9.European Commission, Press Release, June 2023
      10.Council of the European Union, Press Release, July 2023
      11.European Commission, Recovery and Resilience Facility, Operational arrangements, December 2021

      The methodology used for these Credit Ratings and Outlooks, (Sovereign Rating Methodology, 27 September 2023), is available on
      The model used for these Credit Ratings and Outlooks is (Core Variable Scorecard Model Version 2.1), available in Scope Ratings’ list of models, published under
      Information on the meaning of each Credit Rating category, including definitions of default, recoveries, Outlooks and Under Review, can be viewed in ‘Rating Definitions – Credit Ratings, Ancillary and Other Services’, published on Historical default rates of the entities rated by Scope Ratings can be viewed in the Credit Rating performance report at Also refer to the central platform (CEREP) of the European Securities and Markets Authority (ESMA): A comprehensive clarification of Scope Ratings’ definitions of default and Credit Rating notations can be found at Guidance and information on how environmental, social or governance factors (ESG factors) are incorporated into the Credit Rating can be found in the respective sections of the methodologies or guidance documents provided on
      The Outlook indicates the most likely direction of the Credit Ratings if the Credit Ratings were to change within the next 12 to 18 months.

      Solicitation, key sources and quality of information
      The Credit Ratings were not requested by the Rated Entity or its Related Third Parties. The Credit Rating process was conducted:
      With Rated Entity or Related Third Party Participation   NO
      With Access to Internal Documents                                NO
      With Access to Management                                          NO
      The following material sources of information were used to prepare the Credit Ratings: public domain.
      Scope Ratings considers the quality of information available to Scope Ratings on the Rated Entity or instrument to be satisfactory. The information and data supporting the Credit Ratings originate from sources Scope Ratings considers to be reliable and accurate. Scope Ratings does not, however, independently verify the reliability and accuracy of the information and data.
      Prior to the issuance of the Credit Rating action, the Rated Entity was given the opportunity to review the Credit Ratings and Outlooks and the principal grounds on which the Credit Ratings and Outlooks are based. Following that review, the Credit Ratings were not amended before being issued.

      Regulatory disclosures
      These Credit Ratings and Outlooks are issued by Scope Ratings GmbH, Lennéstraße 5, D-10785 Berlin, Tel +49 30 27891-0. The Credit Ratings and Outlooks are UK-endorsed.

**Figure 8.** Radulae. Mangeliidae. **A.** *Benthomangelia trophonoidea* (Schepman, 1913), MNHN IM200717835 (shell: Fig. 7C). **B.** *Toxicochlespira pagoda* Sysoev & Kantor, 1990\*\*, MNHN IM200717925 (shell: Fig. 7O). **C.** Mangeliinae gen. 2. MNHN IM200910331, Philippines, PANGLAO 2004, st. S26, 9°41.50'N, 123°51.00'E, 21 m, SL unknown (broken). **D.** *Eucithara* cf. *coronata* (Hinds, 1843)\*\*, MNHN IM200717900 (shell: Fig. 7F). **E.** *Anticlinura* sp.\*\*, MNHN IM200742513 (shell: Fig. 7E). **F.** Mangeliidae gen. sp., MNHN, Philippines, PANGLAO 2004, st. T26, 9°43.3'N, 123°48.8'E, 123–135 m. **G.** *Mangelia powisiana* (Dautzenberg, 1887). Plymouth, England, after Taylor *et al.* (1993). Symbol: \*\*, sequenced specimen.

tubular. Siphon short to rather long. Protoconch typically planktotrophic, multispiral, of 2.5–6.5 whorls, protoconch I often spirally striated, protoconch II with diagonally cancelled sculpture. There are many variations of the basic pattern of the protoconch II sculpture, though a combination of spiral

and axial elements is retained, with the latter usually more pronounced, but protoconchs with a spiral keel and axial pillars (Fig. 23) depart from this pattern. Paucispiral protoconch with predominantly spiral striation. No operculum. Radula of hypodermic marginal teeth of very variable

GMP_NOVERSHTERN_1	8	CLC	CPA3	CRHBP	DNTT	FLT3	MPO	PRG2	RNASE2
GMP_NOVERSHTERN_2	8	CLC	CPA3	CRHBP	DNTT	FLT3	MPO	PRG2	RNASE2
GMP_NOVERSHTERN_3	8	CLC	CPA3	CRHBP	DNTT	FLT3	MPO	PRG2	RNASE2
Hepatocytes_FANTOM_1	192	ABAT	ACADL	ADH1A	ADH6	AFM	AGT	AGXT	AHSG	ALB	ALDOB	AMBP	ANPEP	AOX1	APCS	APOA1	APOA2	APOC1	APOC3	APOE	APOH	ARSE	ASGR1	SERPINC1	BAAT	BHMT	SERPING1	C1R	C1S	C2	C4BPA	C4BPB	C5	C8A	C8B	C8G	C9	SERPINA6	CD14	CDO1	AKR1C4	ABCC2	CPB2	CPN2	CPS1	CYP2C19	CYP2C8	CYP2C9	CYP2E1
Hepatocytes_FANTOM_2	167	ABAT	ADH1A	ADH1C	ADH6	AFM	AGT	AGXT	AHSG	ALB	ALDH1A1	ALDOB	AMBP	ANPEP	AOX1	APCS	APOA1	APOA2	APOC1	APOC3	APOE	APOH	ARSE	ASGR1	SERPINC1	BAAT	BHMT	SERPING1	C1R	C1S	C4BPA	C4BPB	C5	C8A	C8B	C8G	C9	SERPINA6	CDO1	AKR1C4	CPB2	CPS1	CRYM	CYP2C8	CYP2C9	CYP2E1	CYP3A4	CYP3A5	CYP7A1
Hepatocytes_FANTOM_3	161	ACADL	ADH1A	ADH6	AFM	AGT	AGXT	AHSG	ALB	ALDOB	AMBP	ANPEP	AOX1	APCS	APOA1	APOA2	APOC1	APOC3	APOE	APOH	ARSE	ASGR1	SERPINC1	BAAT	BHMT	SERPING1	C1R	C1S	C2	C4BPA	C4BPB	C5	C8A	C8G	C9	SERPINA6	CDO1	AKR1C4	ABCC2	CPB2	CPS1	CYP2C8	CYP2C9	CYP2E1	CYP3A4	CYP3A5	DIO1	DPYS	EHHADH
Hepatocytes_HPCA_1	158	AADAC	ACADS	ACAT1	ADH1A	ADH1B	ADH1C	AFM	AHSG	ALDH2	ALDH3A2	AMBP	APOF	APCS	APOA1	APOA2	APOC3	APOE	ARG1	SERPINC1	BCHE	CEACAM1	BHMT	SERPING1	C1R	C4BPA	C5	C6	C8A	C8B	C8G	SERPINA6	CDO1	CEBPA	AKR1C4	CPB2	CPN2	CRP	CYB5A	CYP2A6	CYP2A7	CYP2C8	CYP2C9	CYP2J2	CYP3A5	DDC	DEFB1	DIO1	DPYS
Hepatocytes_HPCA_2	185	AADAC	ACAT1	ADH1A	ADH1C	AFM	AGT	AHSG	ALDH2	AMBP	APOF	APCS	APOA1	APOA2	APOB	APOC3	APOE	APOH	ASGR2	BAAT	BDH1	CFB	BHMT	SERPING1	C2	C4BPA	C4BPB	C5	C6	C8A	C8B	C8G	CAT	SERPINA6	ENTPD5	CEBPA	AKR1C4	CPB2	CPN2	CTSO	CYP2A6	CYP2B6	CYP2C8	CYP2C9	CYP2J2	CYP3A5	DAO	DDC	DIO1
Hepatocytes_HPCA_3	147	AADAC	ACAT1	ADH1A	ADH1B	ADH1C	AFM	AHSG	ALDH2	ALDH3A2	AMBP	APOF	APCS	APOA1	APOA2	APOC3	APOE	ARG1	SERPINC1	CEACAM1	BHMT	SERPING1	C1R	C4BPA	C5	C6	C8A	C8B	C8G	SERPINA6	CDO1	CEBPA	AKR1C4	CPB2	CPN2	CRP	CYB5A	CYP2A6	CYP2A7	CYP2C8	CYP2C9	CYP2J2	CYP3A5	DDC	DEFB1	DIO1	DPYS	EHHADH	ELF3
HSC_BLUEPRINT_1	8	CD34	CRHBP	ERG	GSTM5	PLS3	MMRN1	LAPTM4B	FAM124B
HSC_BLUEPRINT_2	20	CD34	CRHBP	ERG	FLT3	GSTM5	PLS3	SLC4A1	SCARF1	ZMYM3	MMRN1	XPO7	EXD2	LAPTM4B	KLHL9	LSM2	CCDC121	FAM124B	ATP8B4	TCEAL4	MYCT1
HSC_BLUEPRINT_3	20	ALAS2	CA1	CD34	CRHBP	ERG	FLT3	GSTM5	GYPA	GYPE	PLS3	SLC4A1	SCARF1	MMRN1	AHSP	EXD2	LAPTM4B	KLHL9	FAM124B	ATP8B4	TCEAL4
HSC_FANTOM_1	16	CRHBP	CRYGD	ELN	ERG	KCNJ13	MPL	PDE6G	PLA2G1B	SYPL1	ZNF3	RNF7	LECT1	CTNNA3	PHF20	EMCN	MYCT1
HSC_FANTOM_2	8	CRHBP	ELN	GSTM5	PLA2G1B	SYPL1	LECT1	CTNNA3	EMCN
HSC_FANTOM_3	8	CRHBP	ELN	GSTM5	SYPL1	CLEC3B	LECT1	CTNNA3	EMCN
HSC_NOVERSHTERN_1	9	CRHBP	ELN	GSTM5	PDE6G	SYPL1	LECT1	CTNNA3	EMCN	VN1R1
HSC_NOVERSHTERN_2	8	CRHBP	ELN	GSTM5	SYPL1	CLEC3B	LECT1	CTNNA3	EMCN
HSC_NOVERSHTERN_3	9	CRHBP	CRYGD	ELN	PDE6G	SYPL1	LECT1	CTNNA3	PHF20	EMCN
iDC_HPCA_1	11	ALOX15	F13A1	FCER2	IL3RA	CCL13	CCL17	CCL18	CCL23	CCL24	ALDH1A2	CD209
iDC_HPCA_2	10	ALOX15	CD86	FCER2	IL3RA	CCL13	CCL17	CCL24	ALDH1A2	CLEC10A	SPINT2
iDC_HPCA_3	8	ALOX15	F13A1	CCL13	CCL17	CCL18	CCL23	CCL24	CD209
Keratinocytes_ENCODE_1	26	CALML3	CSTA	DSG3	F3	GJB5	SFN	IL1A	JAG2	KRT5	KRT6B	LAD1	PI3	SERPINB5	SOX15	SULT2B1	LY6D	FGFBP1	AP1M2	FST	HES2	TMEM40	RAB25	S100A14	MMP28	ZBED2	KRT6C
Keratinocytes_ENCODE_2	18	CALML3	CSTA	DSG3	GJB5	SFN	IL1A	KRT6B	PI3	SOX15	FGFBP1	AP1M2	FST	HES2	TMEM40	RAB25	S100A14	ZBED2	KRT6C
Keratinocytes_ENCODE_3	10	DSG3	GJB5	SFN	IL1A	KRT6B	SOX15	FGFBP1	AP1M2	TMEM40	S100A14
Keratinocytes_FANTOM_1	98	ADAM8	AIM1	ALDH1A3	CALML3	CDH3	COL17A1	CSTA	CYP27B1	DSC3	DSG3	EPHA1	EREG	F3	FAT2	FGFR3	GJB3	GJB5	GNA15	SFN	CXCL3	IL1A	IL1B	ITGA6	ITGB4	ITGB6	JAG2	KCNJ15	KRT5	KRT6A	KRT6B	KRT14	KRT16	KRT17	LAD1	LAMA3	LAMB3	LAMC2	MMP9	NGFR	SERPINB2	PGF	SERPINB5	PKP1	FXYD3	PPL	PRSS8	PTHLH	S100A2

Lead analyst: Thomas Gillet, Director
      Person responsible for approval of the rating: Giacomo Barisone, Managing Director
      The Credit Ratings/Outlooks were first released by Scope on January 2003. The Credit Ratings/Outlooks were last updated on 28 October 2022.

      Potential conflicts
      See under Governance & Policies/Regulatory for a list of potential conflicts of interest related to the issuance of Credit Ratings.

      Conditions of use / exclusion of liability
      © 2023 Scope SE & Co. KGaA and all its subsidiaries including Scope Ratings GmbH, Scope Ratings UK Limited, Scope Fund Analysis GmbH, and Scope ESG Analysis GmbH (collectively, Scope). All rights reserved. The information and data supporting Scope’s ratings, rating reports, rating opinions and related research and credit opinions originate from sources Scope considers to be reliable and accurate. Scope does not, however, independently verify the reliability and accuracy of the information and data. Scope’s ratings, rating reports, rating opinions, or related research and credit opinions are provided ‘as is’ without any representation or warranty of any kind. In no circumstance shall Scope or its directors, officers, employees and other representatives be liable to any party for any direct, indirect, incidental or other damages, expenses of any kind, or losses arising from any use of Scope’s ratings, rating reports, rating opinions, related research or credit opinions. Ratings and other related credit opinions issued by Scope are, and have to be viewed by any party as, opinions on relative credit risk and not a statement of fact or recommendation to purchase, hold or sell securities. Past performance does not necessarily predict future results. Any report issued by Scope is not a prospectus or similar document related to a debt security or issuing entity. Scope issues credit ratings and related research and opinions with the understanding and expectation that parties using them will assess independently the suitability of each security for investment or transaction purposes. Scope’s credit ratings address relative credit risk, they do not address other risks such as market, liquidity, legal, or volatility. The information and data included herein is protected by copyright and other laws. To reproduce, transmit, transfer, disseminate, translate, resell, or store for subsequent use for any such purpose the information and data contained herein, contact Scope Ratings GmbH at Lennéstraße 5, D-10785 Berlin.